With the charm and elegance of an older venue often also comes a list of strict parameters that weddings must operate within to preserve the historic space. Lucy Lyons and Tim Gihring encountered this firsthand at the American Swedish Institute’s Turnblad Mansion, when they learned that their cocktail hour could only feature non-colored beverages like white wine, clear sodas and champagne to avoid any red wine or cola-meets-carpet disasters. “It was surprisingly easy to work with that,” says Tim, who considers the restriction a fair trade-off for his guests having access to the entire ASI campus with beverage in hand.
In St. Paul, the Landmark Center is one of the city’s most recognizable historic buildings, and as such, it remains open to the public on Saturdays until 5 p.m. “You’re definitely not going to have the place to yourself until exactly 5 p.m.,” explains bride Lara Page, who prepared for her wedding while tourists wandered throughout the open building. Lara also found she couldn’t rehearse her wedding in the actual space where it would take place; floating candles were also verboten.
The restrictions weren’t a problem for Lara, who suggests that brides in a similar situation maintain a list of the venue’s restrictions that they can refer to throughout the planning stages. “Write down all the rules about timing, decorations and what’s allowed, because [otherwise] you’ll forget,” says Lara. “If you can, hire vendors who have worked in the venue before, because their experience is invaluable. You don’t have to give them directions because they know the rules and just make it happen.”
At the James J. Hill Library, candles are (sensibly) not allowed near the bookshelves, and glitter, bubbles and confetti are also a no-no. For Ruthie Baker-McGrath, the restrictions weren’t a sacrifice considering how stunning the space is. “We had no problem working within their rules,” she says. “It’s nice to be respectful and courteous of historic property.”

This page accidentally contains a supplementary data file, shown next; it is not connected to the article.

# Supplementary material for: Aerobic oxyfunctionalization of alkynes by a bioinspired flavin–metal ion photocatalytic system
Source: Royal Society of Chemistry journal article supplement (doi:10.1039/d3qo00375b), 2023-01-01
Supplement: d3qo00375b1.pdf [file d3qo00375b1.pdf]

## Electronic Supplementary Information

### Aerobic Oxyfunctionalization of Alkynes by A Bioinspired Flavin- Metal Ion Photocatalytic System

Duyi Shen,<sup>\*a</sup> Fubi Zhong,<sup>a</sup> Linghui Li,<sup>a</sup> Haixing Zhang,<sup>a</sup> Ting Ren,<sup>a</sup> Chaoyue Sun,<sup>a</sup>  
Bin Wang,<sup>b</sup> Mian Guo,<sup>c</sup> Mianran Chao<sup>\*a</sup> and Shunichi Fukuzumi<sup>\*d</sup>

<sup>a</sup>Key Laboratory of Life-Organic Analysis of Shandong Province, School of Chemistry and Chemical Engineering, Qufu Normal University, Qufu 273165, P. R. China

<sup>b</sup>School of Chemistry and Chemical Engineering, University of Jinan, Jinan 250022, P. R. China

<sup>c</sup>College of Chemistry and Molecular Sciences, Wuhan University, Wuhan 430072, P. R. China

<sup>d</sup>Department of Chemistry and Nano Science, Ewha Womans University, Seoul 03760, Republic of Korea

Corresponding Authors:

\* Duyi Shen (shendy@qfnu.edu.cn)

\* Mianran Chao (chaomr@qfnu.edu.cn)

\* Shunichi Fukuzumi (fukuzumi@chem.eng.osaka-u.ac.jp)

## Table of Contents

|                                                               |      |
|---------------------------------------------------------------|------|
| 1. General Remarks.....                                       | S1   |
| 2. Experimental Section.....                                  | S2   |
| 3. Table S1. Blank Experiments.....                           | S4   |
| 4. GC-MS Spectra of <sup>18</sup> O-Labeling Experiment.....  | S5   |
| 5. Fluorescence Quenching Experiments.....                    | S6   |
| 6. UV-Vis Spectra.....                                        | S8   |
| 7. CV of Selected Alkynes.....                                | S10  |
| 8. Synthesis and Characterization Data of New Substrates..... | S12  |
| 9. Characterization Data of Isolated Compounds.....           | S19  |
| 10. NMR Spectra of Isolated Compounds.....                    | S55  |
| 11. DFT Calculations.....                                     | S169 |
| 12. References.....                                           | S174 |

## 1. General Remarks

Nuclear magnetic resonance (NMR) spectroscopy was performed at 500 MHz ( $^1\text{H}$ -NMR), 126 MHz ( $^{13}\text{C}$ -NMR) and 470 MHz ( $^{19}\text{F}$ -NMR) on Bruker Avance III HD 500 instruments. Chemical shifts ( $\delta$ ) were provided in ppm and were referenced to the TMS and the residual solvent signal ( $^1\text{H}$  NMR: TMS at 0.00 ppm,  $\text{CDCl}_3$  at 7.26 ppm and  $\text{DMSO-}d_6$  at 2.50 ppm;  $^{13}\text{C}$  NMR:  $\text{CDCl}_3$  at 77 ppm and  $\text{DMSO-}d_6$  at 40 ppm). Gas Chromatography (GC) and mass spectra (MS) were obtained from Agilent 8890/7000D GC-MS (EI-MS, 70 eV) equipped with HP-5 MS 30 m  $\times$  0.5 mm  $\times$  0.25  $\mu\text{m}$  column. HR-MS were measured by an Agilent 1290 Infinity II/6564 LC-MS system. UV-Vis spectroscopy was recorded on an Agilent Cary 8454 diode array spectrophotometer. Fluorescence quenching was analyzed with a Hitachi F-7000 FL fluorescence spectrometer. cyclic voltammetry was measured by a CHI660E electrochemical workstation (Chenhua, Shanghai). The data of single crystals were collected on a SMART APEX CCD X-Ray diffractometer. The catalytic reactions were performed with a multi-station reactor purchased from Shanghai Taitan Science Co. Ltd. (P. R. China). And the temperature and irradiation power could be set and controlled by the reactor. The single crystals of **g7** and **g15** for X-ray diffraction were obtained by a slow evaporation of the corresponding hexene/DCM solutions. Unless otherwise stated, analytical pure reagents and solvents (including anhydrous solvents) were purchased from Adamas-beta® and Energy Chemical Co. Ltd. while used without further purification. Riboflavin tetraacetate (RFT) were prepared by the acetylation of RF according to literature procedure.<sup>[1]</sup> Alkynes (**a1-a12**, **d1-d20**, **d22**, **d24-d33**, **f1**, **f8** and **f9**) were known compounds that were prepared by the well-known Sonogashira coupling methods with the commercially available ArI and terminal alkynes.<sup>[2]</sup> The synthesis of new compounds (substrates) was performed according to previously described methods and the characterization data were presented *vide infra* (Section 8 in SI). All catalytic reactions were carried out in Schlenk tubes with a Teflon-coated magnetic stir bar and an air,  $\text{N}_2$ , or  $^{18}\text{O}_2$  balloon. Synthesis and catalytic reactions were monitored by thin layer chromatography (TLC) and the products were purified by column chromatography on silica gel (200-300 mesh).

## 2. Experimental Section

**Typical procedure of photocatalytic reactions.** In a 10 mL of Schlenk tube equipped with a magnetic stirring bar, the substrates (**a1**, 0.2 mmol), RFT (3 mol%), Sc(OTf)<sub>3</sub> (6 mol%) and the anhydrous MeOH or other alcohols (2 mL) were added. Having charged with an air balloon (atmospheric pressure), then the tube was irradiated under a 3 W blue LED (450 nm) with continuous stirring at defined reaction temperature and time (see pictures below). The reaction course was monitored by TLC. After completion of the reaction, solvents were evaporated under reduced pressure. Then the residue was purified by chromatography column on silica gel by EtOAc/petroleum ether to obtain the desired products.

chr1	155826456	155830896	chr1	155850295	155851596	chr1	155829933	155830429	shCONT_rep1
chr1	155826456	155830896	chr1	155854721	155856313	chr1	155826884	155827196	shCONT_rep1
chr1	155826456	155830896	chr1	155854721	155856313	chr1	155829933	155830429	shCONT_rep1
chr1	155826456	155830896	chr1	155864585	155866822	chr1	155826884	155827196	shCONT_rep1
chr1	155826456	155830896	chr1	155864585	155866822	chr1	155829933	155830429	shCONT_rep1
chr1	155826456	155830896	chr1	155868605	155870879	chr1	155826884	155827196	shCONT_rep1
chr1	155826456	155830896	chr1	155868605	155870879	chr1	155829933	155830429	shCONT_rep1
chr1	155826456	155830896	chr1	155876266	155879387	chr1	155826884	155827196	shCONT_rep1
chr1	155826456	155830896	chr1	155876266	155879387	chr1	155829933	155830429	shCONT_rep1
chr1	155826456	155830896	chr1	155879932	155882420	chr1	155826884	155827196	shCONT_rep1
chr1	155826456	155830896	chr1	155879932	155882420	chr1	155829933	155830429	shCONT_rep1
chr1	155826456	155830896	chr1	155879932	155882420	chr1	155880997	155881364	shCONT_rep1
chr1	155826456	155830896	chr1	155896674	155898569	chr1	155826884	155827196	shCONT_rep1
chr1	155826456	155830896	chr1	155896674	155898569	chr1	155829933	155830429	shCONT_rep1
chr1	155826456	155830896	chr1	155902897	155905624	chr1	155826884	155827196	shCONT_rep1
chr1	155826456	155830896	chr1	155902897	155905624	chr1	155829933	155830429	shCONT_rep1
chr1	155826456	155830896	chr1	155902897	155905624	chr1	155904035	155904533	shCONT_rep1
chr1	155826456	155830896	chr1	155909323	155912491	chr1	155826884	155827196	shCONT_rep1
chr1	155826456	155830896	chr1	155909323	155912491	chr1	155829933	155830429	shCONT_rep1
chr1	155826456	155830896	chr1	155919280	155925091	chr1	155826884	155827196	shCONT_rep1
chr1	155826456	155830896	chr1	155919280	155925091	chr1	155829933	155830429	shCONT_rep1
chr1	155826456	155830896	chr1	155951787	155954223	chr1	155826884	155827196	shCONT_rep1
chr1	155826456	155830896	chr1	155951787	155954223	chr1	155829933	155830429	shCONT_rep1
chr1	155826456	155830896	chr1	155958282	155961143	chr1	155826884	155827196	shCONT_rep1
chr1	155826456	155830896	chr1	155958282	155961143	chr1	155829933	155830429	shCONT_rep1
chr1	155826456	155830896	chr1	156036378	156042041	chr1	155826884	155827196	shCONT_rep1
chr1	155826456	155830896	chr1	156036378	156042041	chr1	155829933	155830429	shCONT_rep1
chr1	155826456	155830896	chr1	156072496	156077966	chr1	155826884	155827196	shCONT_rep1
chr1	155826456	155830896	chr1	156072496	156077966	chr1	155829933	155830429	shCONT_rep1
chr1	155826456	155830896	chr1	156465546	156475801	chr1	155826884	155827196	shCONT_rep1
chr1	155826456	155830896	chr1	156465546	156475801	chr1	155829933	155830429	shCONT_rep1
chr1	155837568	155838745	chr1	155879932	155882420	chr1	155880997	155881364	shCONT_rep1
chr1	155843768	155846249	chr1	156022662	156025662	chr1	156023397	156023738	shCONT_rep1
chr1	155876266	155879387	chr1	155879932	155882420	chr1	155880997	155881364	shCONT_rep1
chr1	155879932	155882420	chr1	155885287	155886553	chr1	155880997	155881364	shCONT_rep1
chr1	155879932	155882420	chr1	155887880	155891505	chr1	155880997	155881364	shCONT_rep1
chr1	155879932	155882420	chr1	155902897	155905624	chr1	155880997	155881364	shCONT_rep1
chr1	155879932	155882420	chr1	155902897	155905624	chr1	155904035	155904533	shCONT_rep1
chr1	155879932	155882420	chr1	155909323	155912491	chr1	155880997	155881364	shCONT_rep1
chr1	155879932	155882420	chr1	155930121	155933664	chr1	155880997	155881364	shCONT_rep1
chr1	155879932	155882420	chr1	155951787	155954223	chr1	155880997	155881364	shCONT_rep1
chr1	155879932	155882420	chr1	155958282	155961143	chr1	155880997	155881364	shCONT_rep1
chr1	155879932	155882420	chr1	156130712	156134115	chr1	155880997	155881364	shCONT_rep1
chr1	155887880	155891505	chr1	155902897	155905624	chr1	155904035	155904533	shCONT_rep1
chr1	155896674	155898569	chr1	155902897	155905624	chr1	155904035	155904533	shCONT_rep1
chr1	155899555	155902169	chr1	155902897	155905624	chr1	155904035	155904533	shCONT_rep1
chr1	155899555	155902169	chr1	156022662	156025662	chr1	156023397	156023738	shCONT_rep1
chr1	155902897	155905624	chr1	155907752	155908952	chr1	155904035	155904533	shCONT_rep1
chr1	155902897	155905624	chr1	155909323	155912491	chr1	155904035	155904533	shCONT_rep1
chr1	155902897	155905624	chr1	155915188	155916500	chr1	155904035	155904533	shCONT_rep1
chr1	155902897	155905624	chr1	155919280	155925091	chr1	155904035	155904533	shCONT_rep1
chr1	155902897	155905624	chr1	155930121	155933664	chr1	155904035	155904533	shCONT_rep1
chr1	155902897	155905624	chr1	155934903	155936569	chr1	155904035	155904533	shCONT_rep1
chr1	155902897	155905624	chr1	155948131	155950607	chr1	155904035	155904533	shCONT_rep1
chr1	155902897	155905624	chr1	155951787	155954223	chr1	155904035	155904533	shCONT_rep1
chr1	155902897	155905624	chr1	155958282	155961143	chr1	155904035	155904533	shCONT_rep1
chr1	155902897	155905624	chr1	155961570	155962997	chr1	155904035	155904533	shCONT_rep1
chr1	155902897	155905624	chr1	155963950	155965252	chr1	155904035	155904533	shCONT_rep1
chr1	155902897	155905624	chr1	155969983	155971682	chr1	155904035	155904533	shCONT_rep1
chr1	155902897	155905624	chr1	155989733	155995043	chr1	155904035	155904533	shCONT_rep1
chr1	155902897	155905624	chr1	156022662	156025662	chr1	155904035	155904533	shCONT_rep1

Each bride found that the payoff for following stricter rules came in the form of awed guests. “I was told by a lot of my guests that the library was the most elegant venue they’d been to,” says Ruthie.
Lara fielded equally impressed feedback. “I heard nothing but amazing reviews about the venue; everyone thought the Landmark was well-preserved and gorgeous,” she says. “It was the perfect, elegant wedding atmosphere.”
A Historic Venue Primer
- American Swedish Institute
Housed in the ornate, castle-like Turnblad Mansion (built in 1908), the ASI has recently added a new state-of-the-art Cultural Center next door.
Capacity: With the Turnblad Mansion, Nelson Cultural Center and courtyard to choose from, capacity ranges from 80 to 250 for a sit-down dinner.
Catering: ASI recommends five vetted caterers, but will allow brides to bring in caterers of their own choosing upon approval.
Minneapolis, 612.871.4907, asimn.org
- Landmark Center
Originally the federal courthouse and post office, the Landmark Center opened in 1902 and played host to the famous 1920s gangster trials. In the 1970s it was placed on the National Register of Historic Sites and re-opened to the public as the Landmark Center in 1978.
Capacity: The cortile (atrium) holds 320 for dinner and dancing; the courtrooms vary in size and can host 50 to 80 people for dinner.
Catering: Outside catering allowed, and the building has a liquor license.
St. Paul, 651.292.3228, landmarkcenter.org
- Duluth Depot
Built in 1892, the Depot’s Great Hall has ceilings that soar to 88 feet, featuring two huge fireplaces at each end of the hall.
Capacity: Up to 250.
Catering: Open; brides may choose any licensed caterer.
Duluth, 218.727.8025, duluthdepot.org
- James J. Hill Library
An Italian Renaissance-style library that features pink Tennessee marble and Kettle River sandstone, the library opened to the public in 1921 and was entered on the National Register of Historic Places in 1975.
Capacity: 220 for receptions, 150 for ceremonies with a reception, 350 for a cocktail-style affair.
Catering: The library has an open catering policy; there is a list of preferred caterers, but guests may hire any licensed and insured caterer.
St. Paul, 651.265.5447, jjhill.org
- Mill City Museum
Built in 1880 and once considered the world’s largest flour mill, the Washburn A Mill was almost destroyed by fire in 1991. It is now a National Historic Landmark after being restored by the Minnesota Historical Society.
Capacity: 230 for a plated and served dinner, 170 for a buffet, 800 stand-up reception style.
Catering: Exclusively D’Amico Catering, which also handles the event space.
Minneapolis, 612.238.4444, millcitymuseum.org